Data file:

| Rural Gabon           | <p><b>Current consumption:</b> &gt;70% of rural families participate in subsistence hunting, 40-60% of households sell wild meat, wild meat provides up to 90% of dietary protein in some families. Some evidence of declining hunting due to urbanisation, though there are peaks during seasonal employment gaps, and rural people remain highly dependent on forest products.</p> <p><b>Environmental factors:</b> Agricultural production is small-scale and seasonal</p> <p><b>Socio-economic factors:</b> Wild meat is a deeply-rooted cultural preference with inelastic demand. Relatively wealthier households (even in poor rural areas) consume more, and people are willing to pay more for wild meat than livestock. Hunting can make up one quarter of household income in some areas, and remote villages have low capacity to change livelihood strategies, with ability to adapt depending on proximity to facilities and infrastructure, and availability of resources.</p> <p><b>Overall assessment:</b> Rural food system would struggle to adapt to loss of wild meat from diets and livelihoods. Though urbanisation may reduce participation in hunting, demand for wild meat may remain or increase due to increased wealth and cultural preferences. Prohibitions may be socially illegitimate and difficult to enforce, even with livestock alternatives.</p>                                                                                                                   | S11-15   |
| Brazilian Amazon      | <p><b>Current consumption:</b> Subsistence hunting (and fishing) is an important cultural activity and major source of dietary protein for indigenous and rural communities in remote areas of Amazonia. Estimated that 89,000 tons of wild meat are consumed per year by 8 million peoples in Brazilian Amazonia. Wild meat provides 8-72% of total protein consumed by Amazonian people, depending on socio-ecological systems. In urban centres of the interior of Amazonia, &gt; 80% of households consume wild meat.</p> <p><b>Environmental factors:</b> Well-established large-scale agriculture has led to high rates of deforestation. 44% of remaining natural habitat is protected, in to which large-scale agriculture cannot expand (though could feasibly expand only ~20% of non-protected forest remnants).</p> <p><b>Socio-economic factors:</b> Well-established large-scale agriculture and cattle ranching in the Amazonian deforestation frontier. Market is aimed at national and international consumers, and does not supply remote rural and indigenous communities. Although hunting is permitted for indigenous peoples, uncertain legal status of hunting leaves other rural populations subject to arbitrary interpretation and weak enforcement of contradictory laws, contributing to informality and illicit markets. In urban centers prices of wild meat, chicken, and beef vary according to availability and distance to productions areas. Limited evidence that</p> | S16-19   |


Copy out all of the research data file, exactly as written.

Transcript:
| Rural Gabon           | <p><b>Current consumption:</b> &gt;70% of rural families participate in subsistence hunting, 40-60% of households sell wild meat, wild meat provides up to 90% of dietary protein in some families. Some evidence of declining hunting due to urbanisation, though there are peaks during seasonal employment gaps, and rural people remain highly dependent on forest products.</p> <p><b>Environmental factors:</b> Agricultural production is small-scale and seasonal</p> <p><b>Socio-economic factors:</b> Wild meat is a deeply-rooted cultural preference with inelastic demand. Relatively wealthier households (even in poor rural areas) consume more, and people are willing to pay more for wild meat than livestock. Hunting can make up one quarter of household income in some areas, and remote villages have low capacity to change livelihood strategies, with ability to adapt depending on proximity to facilities and infrastructure, and availability of resources.</p> <p><b>Overall assessment:</b> Rural food system would struggle to adapt to loss of wild meat from diets and livelihoods. Though urbanisation may reduce participation in hunting, demand for wild meat may remain or increase due to increased wealth and cultural preferences. Prohibitions may be socially illegitimate and difficult to enforce, even with livestock alternatives.</p>                                                                                                                   | S11-15   |
| Brazilian Amazon      | <p><b>Current consumption:</b> Subsistence hunting (and fishing) is an important cultural activity and major source of dietary protein for indigenous and rural communities in remote areas of Amazonia. Estimated that 89,000 tons of wild meat are consumed per year by 8 million peoples in Brazilian Amazonia. Wild meat provides 8-72% of total protein consumed by Amazonian people, depending on socio-ecological systems. In urban centres of the interior of Amazonia, &gt; 80% of households consume wild meat.</p> <p><b>Environmental factors:</b> Well-established large-scale agriculture has led to high rates of deforestation. 44% of remaining natural habitat is protected, in to which large-scale agriculture cannot expand (though could feasibly expand only ~20% of non-protected forest remnants).</p> <p><b>Socio-economic factors:</b> Well-established large-scale agriculture and cattle ranching in the Amazonian deforestation frontier. Market is aimed at national and international consumers, and does not supply remote rural and indigenous communities. Although hunting is permitted for indigenous peoples, uncertain legal status of hunting leaves other rural populations subject to arbitrary interpretation and weak enforcement of contradictory laws, contributing to informality and illicit markets. In urban centers prices of wild meat, chicken, and beef vary according to availability and distance to productions areas. Limited evidence that</p> | S16-19   |